Skipper v. Mathews, 448 F. Supp. 300 (M.D. Pa. 1977)

U.S. District Court for the Middle District of Pennsylvania - 448 F. Supp. 300 (M.D. Pa. 1977)
September 14, 1977

448 F. Supp. 300 (1977)

David MATHEWS, Secretary of Health, Education and Welfare.

No. 75-1016 Civil.

United States District Court, M. D. Pennsylvania.

September 7, 1977.

As Amended September 14, 1977.

*301 Blythe H. Evans, Jr., Wilkes-Barre, Pa., for plaintiff.

S. John Cottone, U. S. Atty., Scranton, Pa., for respondent.


NEALON, Chief Judge.

James Skipper (plaintiff) filed this action to review the decision of the Appeals Council acting for the Secretary of the United States Department of Health, Education and Welfare (Secretary) denying his application for "Black Lung" benefits. The case was assigned to a magistrate and he has recommended that the Court grant the Secretary's motion for summary judgment which is now before the Court.


At the evidentiary hearing before the Administrative Law Judge, plaintiff testified that he worked from 1934 to 1937 as a mine laborer for the Flynn and McGinnley Coal Companies and from 1938 to 1960 as a blacksmith helper in the Exeter Shops of the Glen Alden Coal Company. He formerly testified that while employed at the Exeter Shops he repaired coal mine equipment which was covered with coal dust upon coming to the shops from the mines and that on occasions he went to the colleries to repair mine cages or equipment located in the mine. The record contains a statement from Julius John Parini that plaintiff worked for him at the Flynn Coal Company for approximately three years between 1934 and 1937 but doesn't contain any corroboration or verification of plaintiff's employment with the McGinnley Coal Company. George Plethean, who was the foreman of the Exeter Shops from 1956 to 1960, submitted a statement that plaintiff worked in the Exeter Shops from 1936 to 1960 and that he repaired coal mining equipment covered with coal dust. Plethean also stated, however, that he did not recall plaintiff ever leaving the shop to work in the colliery. It appears that the Appeals Council accepted this part of Plethean's testimony and rejected the contrary claims of the plaintiff.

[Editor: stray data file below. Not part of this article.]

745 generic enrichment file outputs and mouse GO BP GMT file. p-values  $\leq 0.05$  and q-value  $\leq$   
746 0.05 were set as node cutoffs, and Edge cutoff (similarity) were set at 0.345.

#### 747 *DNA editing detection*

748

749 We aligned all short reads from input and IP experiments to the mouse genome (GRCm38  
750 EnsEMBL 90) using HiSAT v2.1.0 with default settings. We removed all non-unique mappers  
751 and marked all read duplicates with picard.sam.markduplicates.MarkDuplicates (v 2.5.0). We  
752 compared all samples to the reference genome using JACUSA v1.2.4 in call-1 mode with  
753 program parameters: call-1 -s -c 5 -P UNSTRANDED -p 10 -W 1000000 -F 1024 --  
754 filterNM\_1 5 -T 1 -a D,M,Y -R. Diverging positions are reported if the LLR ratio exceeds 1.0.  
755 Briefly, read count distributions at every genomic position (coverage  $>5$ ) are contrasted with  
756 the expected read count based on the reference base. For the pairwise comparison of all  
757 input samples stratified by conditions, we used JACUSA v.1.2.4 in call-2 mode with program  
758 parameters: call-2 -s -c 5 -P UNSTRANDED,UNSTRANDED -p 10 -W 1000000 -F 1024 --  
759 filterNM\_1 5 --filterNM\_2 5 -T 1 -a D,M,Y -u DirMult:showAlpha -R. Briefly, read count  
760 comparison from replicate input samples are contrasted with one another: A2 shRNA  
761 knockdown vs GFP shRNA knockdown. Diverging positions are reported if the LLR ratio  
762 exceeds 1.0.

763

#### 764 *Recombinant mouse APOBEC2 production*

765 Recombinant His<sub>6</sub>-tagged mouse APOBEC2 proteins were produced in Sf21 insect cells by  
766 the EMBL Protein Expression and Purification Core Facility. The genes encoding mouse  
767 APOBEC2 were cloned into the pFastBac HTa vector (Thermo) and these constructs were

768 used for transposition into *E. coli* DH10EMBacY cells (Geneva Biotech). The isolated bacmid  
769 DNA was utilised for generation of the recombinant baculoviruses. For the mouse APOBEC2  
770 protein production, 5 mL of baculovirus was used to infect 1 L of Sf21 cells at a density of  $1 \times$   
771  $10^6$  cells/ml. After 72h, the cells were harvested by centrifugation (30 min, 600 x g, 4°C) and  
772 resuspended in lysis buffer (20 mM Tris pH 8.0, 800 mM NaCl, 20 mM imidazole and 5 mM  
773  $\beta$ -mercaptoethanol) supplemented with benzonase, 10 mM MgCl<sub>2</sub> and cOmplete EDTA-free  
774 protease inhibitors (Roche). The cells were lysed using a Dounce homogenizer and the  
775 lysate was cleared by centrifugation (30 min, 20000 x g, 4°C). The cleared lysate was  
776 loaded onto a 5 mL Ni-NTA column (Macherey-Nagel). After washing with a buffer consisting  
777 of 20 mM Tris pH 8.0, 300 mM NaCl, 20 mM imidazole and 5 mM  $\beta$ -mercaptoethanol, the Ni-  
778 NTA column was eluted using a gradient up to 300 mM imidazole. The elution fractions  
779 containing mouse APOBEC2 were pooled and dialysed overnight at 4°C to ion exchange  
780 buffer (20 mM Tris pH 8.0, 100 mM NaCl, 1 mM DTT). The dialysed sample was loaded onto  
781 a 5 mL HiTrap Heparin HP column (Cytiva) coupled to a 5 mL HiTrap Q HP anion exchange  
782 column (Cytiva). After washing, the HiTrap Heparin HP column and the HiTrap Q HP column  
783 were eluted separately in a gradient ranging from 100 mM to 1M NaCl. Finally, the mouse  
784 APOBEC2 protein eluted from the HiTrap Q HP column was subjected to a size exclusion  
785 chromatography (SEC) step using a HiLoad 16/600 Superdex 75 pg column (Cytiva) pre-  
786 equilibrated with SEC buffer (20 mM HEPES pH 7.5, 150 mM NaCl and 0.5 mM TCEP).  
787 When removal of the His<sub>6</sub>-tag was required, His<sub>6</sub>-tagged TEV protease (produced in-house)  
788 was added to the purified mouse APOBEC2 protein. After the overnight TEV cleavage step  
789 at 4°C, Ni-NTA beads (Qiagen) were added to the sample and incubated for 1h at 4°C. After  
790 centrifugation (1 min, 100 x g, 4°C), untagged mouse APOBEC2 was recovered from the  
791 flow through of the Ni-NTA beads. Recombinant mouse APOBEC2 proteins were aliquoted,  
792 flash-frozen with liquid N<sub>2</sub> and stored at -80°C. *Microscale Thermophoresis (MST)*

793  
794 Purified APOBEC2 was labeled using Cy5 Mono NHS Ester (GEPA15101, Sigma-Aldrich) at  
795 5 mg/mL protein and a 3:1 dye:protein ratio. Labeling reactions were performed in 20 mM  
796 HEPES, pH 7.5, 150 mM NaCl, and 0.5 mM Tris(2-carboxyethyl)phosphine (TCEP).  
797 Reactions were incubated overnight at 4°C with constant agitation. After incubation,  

Generally speaking, in order to be entitled to "Black Lung" benefits, a living applicant must prove

(1) that he is totally disabled;

(2) that his disability is caused by pneumoconiosis or a chronic respiratory condition which may be presumed to be pneumoconiosis; and

(3) that his respiratory condition arose from employment in a coal mine or mines.

An applicant is entitled to a favorable presumption with respect to all three if his ventilatory function study results in values less than those fixed by the Secretary and if he has more than ten years of coal mine employment. Specifically, an applicant of plaintiff's height (73 inches) must have an FEV equal to or less than 2.7 liters and an MVV equal to or less than 108 liters. See 20 C.F.R. § 410.490(b) (3). The Appeals Council found plaintiff's FEV to be 1.45 liters and MVV to be 44 liters per minute, both clearly within acceptable limits, but ruled that the presumption was not available to him because he had not established the requisite ten years of coal mine employment. *302 The essence of this holding was that plaintiff's employment in the Exeter Shops did not constitute coal mine employment. The Appeals Council did not list its reasons for this conclusion but noted that the "shop was away from the mine."

Since the Appeals Council determined that the presumption was not available to plaintiff, it was obliged to consider this action under the general rules of eligibility, which require that the applicant submit evidence which establishes that the three elements of a claim are present. The Appeals Council noted that, on the basis of his ventilatory function study, plaintiff had established both the existence of pneumoconiosis and the fact that he was totally disabled. In denying his claim for benefits, however, the Appeals Council held that the third element was not present since the evidence established that plaintiff's condition arose from his employment in the Exeter Shops and not from coal mine employment. On this issue, the Appeals Council made specific reference to the fact that plaintiff himself testified that his breathing problems arose after he left actual coal mine work and had begun working at the Exeter Shops.